response to the increased size displayed by Murray and Francis at the previous Ms. Olympia,

    along with increasing drug abuse and androgenic side effects, the IFBB made an attempt to

    "feminize" the sport. The IFBB, led by Ben Weider, had created a series of "femininity" rules;

    one line in the judging rules said that competitors should not be "too big." Since extreme size

    generally requires extreme AAS usage, with more women gaining more adrogenic (masculine)

    side effects, this was clearly an attempt to retain a higher level of female aesthetics and

    maintain the standard. The judges guide to the competitors stated that they were looking for a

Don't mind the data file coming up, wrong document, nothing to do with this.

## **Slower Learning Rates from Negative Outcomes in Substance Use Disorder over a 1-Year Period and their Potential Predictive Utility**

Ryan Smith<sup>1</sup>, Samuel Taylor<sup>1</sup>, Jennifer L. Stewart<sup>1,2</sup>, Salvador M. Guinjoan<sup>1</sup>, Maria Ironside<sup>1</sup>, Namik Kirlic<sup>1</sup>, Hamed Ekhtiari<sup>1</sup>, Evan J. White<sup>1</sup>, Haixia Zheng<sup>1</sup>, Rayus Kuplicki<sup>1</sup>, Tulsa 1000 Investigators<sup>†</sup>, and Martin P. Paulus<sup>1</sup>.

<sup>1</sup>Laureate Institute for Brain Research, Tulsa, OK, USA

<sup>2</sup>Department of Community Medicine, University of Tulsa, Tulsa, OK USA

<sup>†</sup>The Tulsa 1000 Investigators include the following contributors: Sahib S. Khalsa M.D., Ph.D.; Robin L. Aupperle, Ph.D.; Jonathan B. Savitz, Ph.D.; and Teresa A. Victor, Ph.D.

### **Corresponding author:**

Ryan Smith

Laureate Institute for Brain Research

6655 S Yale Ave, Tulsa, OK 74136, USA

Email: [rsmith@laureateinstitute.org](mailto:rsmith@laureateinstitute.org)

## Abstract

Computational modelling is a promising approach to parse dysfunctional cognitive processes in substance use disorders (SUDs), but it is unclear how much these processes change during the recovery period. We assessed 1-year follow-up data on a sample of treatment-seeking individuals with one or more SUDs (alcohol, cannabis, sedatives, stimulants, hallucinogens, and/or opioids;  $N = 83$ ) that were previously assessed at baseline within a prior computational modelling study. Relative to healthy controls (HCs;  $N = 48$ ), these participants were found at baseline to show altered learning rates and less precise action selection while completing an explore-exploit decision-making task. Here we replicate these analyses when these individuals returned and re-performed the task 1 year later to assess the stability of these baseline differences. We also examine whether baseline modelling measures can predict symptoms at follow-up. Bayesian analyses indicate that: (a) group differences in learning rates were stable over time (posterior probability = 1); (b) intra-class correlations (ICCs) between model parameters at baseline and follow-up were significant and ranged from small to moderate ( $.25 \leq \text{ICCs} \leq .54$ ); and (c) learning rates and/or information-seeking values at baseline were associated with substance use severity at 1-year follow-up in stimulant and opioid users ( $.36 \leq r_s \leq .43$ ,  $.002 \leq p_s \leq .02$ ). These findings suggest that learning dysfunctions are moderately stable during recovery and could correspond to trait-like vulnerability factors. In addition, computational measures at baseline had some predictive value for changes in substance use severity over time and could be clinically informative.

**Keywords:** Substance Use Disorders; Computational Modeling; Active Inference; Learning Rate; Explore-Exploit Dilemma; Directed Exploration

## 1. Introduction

highly feminine and optimally developed, but not emaciated physique. The contest winner was

    Germany's Anja Schreiner, a blue-eyed blonde with a symmetrical physique who weighed 130

    pounds at 5'7". The announcement of her victory met with so much booing from those who

    prefer size over aesthetics that Arnold Schwarzenegger had to step on stage to address the

    audience, saying "the hell with the judges". Many observers felt that the IFBB had instructed

    the judges to select the most marketable aesthetic physique, not the most muscular.

    The 1992 Ms. International is also famous for an incident involving British competitor Paula

    Bircumshaw. Bircumshaw was the same height as Schreiner and possessed a similar level of

    symmetry and definition, but carried significantly more muscle, weighing in at 162 pounds. She

    was the clear audience favorite, but was relegated to eighth place. Normally, the top ten

    contestants are called out at the end of the show when the winners are announced, but the